Too often you arrive in a foreign city and you’re not sure where you should retire to for a late night beverage. The hotel concierge often recommends somewhere safe and fairly innocuous but you want something a little edgier. Somewhere the locals, who usually drag you to the local faux-Irish pub or franchised Bavarian taphouse, will be impressed by, and may even compliment you on your local knowledge.
As luck would have it, Drinks International recently announced the much anticipated World’s 50 Best bar Awards in London, listing the world’s best bars strewn across 19 countries and 27 cities. It was no surprise that this year’s top 10 bars were almost exclusively in the cosmopolitan confines of London and New York but there were a few outliers with even Australia picking up three gongs and being acknowledged as the world’s third best country for bars behind the US and UK.
Beyond the top three countries, Shanghai’s Speak Low is the first to make it on the list from the city and Beirut’s Central Station is Lebanon’s debut on the list.
Lunch Magazine has browsed 2016s world’s best bars and summarised a quick selection for globetrotting tipplers, based on our own personal experiences as well as places where we would like to end a solid night out.
The Dead Rabbit Grocery & Grog, New York
Crowned number one is The Dead Rabbit Grocery & Grog perched in New York’s financial district. The bar pulls off an unexpected mélange – sophisticated cocktail service meets Irish tavern tradition. Fans of Martin Scorsese’s film Gangs of New York will recognize the Dead Rabbit reference as owners Sean Muldoon and Jack McGarry have paid homage to the legendary 1850s Irish-American gang, the Dead Rabbits.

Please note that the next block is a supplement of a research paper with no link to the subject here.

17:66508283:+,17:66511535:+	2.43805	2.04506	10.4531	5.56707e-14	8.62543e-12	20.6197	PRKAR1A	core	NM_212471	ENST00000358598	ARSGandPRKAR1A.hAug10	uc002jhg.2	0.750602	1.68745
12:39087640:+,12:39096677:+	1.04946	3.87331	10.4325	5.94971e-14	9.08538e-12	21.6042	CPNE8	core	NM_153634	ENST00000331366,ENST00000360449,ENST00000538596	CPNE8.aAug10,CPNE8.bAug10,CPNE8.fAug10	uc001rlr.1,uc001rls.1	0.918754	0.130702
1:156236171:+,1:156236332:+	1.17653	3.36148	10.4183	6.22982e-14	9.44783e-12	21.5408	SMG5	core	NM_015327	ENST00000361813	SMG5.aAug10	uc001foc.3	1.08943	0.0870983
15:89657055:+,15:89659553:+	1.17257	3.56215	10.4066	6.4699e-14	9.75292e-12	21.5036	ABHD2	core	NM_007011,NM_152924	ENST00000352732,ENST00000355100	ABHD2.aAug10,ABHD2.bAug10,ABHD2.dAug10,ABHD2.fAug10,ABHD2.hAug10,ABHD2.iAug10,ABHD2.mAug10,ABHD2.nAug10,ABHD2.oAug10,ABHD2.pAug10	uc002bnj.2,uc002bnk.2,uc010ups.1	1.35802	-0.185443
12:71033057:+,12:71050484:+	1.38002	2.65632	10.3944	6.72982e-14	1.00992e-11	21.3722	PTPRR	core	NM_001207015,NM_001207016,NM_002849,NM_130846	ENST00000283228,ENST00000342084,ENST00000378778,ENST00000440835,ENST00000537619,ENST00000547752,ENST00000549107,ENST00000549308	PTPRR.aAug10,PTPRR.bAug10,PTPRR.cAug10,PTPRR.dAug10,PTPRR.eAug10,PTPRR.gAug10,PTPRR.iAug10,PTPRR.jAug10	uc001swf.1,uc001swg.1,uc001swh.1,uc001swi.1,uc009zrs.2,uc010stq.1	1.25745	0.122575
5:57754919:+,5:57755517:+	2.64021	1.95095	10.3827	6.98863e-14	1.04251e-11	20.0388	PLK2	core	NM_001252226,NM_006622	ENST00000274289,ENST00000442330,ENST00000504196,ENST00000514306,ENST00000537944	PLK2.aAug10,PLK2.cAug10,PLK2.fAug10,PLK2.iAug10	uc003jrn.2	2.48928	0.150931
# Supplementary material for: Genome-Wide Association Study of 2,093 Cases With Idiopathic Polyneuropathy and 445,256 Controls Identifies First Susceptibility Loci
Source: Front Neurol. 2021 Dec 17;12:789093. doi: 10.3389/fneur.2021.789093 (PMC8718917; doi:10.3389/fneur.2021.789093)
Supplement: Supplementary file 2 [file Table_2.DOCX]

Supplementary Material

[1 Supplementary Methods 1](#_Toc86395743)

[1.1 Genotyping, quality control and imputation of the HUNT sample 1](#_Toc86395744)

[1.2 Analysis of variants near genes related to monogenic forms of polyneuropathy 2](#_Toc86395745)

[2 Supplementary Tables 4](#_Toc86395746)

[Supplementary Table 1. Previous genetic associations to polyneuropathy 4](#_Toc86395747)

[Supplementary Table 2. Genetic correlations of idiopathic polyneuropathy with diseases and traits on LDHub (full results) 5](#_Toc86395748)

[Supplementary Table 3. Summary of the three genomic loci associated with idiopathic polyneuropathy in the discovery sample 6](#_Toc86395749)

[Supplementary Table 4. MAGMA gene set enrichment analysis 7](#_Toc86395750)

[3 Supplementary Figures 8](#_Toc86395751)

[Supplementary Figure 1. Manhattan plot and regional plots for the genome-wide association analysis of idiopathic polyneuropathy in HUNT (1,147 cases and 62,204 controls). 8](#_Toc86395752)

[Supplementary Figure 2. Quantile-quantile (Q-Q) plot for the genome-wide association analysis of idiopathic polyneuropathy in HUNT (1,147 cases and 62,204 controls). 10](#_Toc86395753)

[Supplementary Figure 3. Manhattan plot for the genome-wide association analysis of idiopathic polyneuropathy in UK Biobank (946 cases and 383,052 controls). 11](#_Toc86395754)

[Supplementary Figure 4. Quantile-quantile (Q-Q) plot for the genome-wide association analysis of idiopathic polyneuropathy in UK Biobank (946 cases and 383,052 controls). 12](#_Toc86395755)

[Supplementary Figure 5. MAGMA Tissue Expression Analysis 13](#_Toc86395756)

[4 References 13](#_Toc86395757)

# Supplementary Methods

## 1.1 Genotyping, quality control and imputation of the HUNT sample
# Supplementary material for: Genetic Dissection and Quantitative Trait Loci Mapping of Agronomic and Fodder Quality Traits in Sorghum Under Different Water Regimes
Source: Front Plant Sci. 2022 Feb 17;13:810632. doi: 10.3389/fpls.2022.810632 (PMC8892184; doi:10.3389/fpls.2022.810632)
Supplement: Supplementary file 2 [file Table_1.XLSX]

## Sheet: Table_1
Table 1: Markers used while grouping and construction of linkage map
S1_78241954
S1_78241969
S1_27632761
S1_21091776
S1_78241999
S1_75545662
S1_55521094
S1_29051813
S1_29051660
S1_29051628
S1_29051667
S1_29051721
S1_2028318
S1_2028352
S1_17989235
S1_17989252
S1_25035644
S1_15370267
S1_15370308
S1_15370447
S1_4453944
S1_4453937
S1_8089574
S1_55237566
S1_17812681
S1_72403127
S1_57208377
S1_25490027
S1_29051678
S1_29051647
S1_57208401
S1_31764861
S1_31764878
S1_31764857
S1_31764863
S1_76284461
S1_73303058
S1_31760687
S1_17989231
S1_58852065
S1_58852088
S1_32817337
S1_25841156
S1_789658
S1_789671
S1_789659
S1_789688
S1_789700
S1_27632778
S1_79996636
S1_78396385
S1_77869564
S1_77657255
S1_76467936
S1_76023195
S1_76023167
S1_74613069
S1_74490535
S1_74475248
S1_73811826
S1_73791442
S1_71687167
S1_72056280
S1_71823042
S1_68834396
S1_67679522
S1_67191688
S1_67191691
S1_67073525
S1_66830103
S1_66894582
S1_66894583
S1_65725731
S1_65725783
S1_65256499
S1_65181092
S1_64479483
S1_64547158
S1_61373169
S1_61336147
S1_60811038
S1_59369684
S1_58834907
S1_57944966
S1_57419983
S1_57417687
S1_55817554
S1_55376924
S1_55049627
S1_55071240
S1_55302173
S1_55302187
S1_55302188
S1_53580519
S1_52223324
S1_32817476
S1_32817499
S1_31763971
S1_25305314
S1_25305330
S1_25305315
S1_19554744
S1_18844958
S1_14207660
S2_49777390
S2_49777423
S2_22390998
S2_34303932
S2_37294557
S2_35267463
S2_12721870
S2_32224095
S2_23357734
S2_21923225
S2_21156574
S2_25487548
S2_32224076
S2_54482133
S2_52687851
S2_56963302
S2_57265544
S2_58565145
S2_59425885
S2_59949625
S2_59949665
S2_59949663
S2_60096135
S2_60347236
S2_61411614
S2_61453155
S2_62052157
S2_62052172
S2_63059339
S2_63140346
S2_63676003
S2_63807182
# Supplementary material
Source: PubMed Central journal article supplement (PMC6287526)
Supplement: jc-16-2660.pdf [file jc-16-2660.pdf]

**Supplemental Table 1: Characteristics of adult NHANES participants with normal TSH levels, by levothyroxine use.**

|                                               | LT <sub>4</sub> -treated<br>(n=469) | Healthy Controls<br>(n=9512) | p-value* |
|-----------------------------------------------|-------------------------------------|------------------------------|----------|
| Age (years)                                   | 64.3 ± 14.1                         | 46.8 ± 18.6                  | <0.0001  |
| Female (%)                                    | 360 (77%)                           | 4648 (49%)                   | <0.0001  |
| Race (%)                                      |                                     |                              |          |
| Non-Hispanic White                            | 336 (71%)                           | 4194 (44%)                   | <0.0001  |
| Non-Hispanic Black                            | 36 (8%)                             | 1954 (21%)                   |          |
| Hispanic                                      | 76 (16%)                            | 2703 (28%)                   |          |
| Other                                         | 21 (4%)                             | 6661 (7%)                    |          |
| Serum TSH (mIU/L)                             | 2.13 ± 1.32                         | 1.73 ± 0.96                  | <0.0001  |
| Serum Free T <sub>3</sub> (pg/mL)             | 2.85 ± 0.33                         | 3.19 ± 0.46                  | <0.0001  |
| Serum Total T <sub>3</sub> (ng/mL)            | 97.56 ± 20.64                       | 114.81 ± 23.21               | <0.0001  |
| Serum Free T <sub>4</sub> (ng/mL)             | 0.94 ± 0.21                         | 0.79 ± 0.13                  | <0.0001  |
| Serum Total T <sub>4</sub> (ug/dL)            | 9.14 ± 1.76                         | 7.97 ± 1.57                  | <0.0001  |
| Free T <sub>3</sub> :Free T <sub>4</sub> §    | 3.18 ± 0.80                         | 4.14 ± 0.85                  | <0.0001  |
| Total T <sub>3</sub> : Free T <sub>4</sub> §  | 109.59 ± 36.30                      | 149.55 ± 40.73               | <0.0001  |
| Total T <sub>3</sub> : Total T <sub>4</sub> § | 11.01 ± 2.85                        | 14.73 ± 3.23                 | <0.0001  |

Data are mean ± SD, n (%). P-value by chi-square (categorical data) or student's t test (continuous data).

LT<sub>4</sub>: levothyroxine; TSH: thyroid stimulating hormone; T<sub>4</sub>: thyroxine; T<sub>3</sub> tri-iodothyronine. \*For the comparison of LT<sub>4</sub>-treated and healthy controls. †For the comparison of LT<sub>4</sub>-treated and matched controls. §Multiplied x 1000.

The Baxter Inn, Sydney
An intimate whisky bar tucked in an alleyway off Clarence Street, sits the Baxter Inn. Down an office fire escape stairs and behind an unassuming unmarked door lies a dimly-lit haven for whisky enthusiasts with an extravagant display of 630 whisky bottles backing the bar. Baxter Inn was ranked 12th in this year’s list and awarded ‘Best Bar in Australasia’.
Santé was sung in unison while glasses clinked at Candelaria following the announcement of their 17th place listing. The Latin American inspired bar offers an extensive menu of creative cocktails featuring a ‘Pisco disco’. Yet what’s more exciting is drinks can be paired with some of France’s best Mexican cuisine served from the open kitchen where specialties include creamy guacamole to crunchy tacos topped with carne asada.
High Five, Tokyo
The well-established High Five has been sitting on the list for five consecutive years. This time the Tokyo bar is ranked at 23. Bar owner Hidetsugu Ueno is known for his meticulous carving of diamonds from a block of ice. For the ladies, they may not be Chopard’s ‘Happy Diamonds’, but Ueno’s prized cocktails and their floating “diamonds” are immediately satisfying.
Speak Low, Shanghai
The bar placed in 15th making it the first Shanghai bar in the world’s top 50. Speak Low is known for their alcoholic blends with a fusion of tantalising Asian aromas including tequila-shisho shots and sherry with a dust of matcha powder and roasted soy bean. The four-storey building is arranged with a unique theme per level: from an underground New York basement concept on the ground floor, to a more exclusive Parisian affair on the fourth floor – featuring a 1920s organ, dark gothic chandeliers and a premium whisky collection.
The Clumsies, Athens
Ranked in 9th place is the Clumsies, which is the only bar outside London and New York featuring in the top 10. The bar is known for its experimental take on traditional cocktails. The El Draque is the bar’s reinvented Mojito – quirkily served with a toothbrush, fresh mint and apple.
Manhattan Bar, Singapore
‘Best Bar in Asia’ was awarded to Manhattan Bar in Singapore with its 19th century Golden Age inspired décor. The hotel bar at the Regent offers a sleek and sophisticated setting for Singapore’s affluent and a serious collection of ingredients in the world’s first in-hotel rickhouse.
American Bar, London
The American Bar at the Savoy London is ranked second place in the world, and earns the title as ‘Best Bar in Europe’. Another nine bars in the city made the top 50 but it’s the American Bar which remains a paean to retro glamour. The Savoy Cocktail Book was distilled from the mind of former bartender Harry Craddock in the 1930s and the bar is still renowned for its ever-changing menu and stylishly themed concoctions.